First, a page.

First Advisor

Kelly Clifton

Date of Award

Fall 2020

Document Type


Degree Name

Master of Science (M.S.) in Civil & Environmental Engineering


Civil and Environmental Engineering




Urban transportation -- Planning, Urban transportation policy -- Social aspects, Social justice




The United States is a megadiverse nation with a transportation system that, for decades, was designed to serve primarily able-bodied, white, male motorists. This legacy creates a situation in which varying socio-demographic groups experience the transportation system differently with contrasting safety, accessibility, and convenience outcomes. This project introduces descriptive statistics and binary logistic models that provide transportation professionals and policy makers with a quantitative understanding on how, why, and when certain socio-demographic groups are more likely to engage in a trip. This project provides tools to measure and understand the equity implications of a wide array of transportation policy decisions.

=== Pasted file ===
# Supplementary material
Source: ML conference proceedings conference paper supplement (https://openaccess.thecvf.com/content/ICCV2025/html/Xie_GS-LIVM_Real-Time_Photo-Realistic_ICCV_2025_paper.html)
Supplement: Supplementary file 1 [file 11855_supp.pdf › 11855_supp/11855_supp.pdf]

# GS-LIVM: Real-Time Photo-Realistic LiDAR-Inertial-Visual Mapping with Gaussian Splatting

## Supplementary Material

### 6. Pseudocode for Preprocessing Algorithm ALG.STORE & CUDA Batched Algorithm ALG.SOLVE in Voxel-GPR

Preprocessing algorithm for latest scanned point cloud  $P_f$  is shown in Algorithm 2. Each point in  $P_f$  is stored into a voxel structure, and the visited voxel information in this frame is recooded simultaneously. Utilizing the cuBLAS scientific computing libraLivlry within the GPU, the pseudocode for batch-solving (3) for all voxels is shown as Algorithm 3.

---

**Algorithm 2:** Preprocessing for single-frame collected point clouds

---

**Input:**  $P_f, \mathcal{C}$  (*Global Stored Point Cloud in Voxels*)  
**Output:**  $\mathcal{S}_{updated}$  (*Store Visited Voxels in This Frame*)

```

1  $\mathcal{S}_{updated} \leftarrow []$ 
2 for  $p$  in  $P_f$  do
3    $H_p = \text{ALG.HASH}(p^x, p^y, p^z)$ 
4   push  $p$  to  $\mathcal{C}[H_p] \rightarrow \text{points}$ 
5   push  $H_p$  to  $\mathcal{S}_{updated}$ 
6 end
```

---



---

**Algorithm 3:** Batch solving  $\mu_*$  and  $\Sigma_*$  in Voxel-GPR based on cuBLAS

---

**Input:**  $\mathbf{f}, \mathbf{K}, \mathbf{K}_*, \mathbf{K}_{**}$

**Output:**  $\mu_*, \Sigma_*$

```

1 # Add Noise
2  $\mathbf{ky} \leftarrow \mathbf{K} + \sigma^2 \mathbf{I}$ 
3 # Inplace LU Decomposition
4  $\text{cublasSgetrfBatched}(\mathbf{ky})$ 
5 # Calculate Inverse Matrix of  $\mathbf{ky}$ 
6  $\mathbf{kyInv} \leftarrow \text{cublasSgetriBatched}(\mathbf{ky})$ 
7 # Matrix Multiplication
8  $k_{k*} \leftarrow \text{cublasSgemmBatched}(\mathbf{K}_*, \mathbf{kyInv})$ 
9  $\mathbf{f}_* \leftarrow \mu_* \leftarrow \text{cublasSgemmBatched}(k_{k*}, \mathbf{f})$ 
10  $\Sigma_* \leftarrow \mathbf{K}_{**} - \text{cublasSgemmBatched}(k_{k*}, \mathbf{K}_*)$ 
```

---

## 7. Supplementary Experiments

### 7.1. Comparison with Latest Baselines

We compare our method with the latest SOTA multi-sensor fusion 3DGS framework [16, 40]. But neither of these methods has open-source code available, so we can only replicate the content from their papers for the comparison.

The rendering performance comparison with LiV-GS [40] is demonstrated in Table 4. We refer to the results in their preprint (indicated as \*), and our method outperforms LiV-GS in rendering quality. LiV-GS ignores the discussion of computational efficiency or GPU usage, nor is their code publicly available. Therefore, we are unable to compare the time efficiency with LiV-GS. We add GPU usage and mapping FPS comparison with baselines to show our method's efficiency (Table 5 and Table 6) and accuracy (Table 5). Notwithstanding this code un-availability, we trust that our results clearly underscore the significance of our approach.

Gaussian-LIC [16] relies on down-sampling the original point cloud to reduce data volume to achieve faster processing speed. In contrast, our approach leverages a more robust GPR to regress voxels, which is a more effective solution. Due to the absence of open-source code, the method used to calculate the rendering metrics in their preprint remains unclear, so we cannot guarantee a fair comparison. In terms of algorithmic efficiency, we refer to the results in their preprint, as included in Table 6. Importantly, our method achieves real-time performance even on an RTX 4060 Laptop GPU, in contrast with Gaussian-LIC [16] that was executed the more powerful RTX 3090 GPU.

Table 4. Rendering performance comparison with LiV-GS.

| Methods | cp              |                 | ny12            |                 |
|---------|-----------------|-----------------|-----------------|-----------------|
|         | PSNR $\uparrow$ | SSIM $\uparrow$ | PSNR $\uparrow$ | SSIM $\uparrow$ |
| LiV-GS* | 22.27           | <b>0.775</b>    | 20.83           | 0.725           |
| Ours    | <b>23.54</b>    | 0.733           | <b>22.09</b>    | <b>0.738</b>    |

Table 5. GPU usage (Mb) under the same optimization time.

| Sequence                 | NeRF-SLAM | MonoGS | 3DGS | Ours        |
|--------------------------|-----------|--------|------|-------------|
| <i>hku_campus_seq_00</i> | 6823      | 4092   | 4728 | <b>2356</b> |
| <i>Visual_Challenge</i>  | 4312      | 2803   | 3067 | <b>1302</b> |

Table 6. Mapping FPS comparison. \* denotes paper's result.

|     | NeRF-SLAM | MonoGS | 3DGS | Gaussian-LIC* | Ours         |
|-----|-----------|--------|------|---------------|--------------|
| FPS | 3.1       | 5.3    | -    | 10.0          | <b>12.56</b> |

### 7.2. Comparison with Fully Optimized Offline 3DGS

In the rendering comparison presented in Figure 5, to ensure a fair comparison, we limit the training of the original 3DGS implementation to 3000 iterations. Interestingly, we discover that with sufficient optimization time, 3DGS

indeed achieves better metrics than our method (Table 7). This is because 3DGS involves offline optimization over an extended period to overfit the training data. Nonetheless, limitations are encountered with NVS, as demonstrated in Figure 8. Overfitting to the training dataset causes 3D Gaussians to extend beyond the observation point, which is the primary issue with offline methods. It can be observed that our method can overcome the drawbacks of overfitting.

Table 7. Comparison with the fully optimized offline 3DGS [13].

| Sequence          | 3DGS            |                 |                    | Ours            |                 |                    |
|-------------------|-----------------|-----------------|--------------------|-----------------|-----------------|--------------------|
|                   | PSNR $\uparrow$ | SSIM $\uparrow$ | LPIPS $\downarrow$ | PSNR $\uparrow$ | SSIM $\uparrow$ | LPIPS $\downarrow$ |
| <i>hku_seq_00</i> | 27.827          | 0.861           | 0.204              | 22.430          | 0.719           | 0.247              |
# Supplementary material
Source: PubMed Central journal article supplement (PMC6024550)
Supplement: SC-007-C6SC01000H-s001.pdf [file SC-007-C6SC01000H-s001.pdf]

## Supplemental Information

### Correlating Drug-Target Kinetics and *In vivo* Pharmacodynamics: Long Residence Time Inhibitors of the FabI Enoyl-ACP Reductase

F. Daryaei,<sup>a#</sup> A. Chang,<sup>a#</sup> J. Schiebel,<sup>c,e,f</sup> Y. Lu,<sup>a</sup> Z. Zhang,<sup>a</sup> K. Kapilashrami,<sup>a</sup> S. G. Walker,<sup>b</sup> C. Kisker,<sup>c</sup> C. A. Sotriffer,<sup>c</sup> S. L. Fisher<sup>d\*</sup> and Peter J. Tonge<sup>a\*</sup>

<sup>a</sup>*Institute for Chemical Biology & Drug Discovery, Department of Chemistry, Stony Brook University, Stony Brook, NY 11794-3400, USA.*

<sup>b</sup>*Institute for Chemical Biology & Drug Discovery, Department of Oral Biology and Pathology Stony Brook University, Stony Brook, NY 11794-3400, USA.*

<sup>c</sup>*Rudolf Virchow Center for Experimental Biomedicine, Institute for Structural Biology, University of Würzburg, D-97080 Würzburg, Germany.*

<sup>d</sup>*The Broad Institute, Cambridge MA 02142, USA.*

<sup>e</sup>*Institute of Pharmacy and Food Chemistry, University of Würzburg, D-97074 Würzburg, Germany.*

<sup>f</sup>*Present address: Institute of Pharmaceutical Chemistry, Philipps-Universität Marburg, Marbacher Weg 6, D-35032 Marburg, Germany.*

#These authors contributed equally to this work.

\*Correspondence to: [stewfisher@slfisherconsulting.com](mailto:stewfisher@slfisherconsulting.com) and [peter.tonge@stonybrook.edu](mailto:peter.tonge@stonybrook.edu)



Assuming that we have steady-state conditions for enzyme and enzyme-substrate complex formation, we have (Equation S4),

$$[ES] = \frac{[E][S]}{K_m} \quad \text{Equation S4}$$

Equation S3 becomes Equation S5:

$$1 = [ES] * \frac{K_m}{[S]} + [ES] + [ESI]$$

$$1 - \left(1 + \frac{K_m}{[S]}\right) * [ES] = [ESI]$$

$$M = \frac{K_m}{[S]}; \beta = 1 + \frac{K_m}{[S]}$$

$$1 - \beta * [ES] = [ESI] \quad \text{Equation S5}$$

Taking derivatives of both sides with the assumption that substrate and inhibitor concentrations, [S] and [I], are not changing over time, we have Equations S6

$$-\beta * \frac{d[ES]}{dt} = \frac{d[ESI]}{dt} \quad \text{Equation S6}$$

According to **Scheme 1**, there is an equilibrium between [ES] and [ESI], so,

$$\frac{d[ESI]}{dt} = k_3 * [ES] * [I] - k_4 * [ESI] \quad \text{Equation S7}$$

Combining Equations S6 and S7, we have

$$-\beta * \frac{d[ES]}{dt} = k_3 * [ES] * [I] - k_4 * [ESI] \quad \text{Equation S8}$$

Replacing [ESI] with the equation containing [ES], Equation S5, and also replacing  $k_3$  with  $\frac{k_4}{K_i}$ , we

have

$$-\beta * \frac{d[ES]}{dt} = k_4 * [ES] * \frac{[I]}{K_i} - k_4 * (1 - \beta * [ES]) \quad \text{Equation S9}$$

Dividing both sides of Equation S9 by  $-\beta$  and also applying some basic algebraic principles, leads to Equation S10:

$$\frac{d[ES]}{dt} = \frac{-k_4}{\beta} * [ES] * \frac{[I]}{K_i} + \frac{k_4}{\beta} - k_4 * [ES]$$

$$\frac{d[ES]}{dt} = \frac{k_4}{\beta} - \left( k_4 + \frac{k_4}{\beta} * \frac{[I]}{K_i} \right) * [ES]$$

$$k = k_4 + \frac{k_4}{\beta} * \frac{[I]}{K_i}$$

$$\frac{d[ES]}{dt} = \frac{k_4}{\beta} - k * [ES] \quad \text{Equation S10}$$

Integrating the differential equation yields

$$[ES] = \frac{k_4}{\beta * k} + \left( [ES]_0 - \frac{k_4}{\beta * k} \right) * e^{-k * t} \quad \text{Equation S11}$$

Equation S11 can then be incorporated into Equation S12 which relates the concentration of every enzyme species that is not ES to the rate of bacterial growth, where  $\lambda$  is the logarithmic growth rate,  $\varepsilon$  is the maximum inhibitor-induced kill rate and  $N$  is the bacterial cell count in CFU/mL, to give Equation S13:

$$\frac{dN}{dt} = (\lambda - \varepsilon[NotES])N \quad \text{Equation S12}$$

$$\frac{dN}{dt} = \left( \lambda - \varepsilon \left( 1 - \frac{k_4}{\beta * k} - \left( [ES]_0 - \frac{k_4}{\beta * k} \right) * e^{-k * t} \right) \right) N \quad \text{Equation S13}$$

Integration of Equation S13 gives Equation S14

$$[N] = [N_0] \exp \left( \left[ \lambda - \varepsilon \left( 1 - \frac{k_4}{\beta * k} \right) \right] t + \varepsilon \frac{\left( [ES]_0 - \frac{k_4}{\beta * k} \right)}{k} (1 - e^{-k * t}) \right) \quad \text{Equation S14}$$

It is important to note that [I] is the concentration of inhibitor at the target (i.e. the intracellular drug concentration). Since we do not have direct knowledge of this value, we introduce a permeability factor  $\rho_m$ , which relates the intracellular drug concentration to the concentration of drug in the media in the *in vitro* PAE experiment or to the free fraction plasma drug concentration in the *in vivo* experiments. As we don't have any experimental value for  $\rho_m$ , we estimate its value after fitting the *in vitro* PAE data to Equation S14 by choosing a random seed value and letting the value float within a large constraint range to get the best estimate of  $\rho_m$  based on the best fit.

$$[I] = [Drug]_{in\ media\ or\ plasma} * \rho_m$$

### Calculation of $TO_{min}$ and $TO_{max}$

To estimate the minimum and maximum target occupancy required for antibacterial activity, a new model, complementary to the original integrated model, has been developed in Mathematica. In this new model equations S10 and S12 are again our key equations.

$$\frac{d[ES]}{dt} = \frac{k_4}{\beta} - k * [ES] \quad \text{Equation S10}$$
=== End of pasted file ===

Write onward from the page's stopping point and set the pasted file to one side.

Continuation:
The binary logistic models presented predict the likelihood of a trip maker engaging on a weekday trip at a given time of day based on their race and ethnicity, gender, income level, preferred mode of transportation, age, and the purpose of their trip. In some instances, the interactions among these parameters were explored too. The models and descriptive statistics are based on the 2017 National Household Travel Survey data which includes over 900,000 datapoints and is weighted to adequately represent every socio-demographic group present in the U.S.


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A research project submitted in partial fulfillment of the requirement for the degree of Master of Science in Civil and Environmental Engineering.

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